- Ferritic Wall Project -

installed wall segement

Motivation: Whereas magnetic confinement plasma devices generally use stainless steels (especially 316) for its strength and negligible magnetism, these same steels are especially vulnerable to damage from the high fluence of fast (i.e. relatively high-energy) neutrons produced in the deuterium-tritium fusion reaction targeted as the first-generation fusion energy fuel. Although there are many avenues of materials research, the best currently available candidate materials to replace stainless steel, in terms of strength, resistance to neutron damage, and existing large-scale fabrication experience, are a class of "low-activation ferritic steels." However, the fact that these steels are ferritic (i.e. ferromagnetic) means that they are likely to have a generally destabilizing effect on tokamak plasmas.

close up of ferritic wall segment

Completed Research: Prior studies of the "ferritic wall mode" (specific kinds of plasma instability caused by interaction with a ferromagnetic wall) have included an experiment in a linear machine which showed a strong effect, and more conservative studies in Japanese tokamaks which saw a much less pronounced effect. The ferritic wall installed in HBT-EP, intended to bridge this gap, was designed to have a high relative permeability (about 8 times vacuum permeability) and low total soak-through time (due to dividing the wall into roughly 1 sq.in. tiles). Since installation, a series of experiments comparing close-fitting ferritic walls against close-fitting stainless steel with ferritic walls retracted has been conducted, observing:

ferritic wall segement
  • Increased plasma response to magnetic perturbations applied deliberately as a measure of the stability of characteristic plasma modes. The amplitude of the response as a function of perturbation strength is roughly doubled when the ferritic wall is inserted. Vulnerability to unintended magnetic perturbations is a major concern in reactor-scale fusion devices.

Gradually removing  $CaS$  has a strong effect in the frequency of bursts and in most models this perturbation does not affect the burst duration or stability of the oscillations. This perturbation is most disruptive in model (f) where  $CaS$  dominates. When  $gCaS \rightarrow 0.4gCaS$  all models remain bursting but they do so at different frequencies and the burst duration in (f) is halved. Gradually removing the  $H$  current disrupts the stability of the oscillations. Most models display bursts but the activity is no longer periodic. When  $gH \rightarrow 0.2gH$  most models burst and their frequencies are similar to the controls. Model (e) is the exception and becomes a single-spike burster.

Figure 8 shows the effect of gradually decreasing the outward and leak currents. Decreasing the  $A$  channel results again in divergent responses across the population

• Increased rate of early disruptions (fast, catastrophic lass of plasma confinement), particularly in response to magnetic perturbations, when the ferritic wall is inserted. Disruptions will be extremely dangerous to a reactor-scale fusion device and must be carefully avoided.
  • Increased growth rates of characteristic "external kink" plasma instabilities. Present in nearly all HBT-EP plasmas, these instabilities develop about twice as quickly with the ferritic wall inserted. Faster-growing instabilities are more difficult to control, and can lead to a loss of confinement, or even a disruption.

Ongoing Research: Other topics of interest regarding the ferritic wall include:

  • Rotation Effects: Relative rotation between the plasma and the surrounding conducting surfaces can help to stabilize plasmas, but reactor-scale machines are expected to have very little rotation. How do the observed ferritic wall effects depend on the rotation of the bulk plasma or the growing mode? Effects are expected to be much more significant at low rotation (under 1kHz) than at the high rotation (6-10kHz) typical of naturally-rotating HBT-EP plasmas.
  • Halo currents: Although most of the current in a plasma flows near its hot core, there are always edge currents, some of which may contact and flow through structural components, such as walls, especially as instabilities grow large. How does the ferritic wall interact with these "halo currents"? If the interaction is strong, ferritic components may make large instabilities and disruptions even more dangerous.


Magnetic Optical Feedback Other
Ferritic Wall Soft X-Ray Data Acquisition Hall Probe
Poloidal Sensors Thomson Scattering Power Amplifiers Bias Probe
Toroidal Sensors Fast Camera CPCI Mach/Float Probe
Rogowski Coils D-Alpha Signal Amps Rotation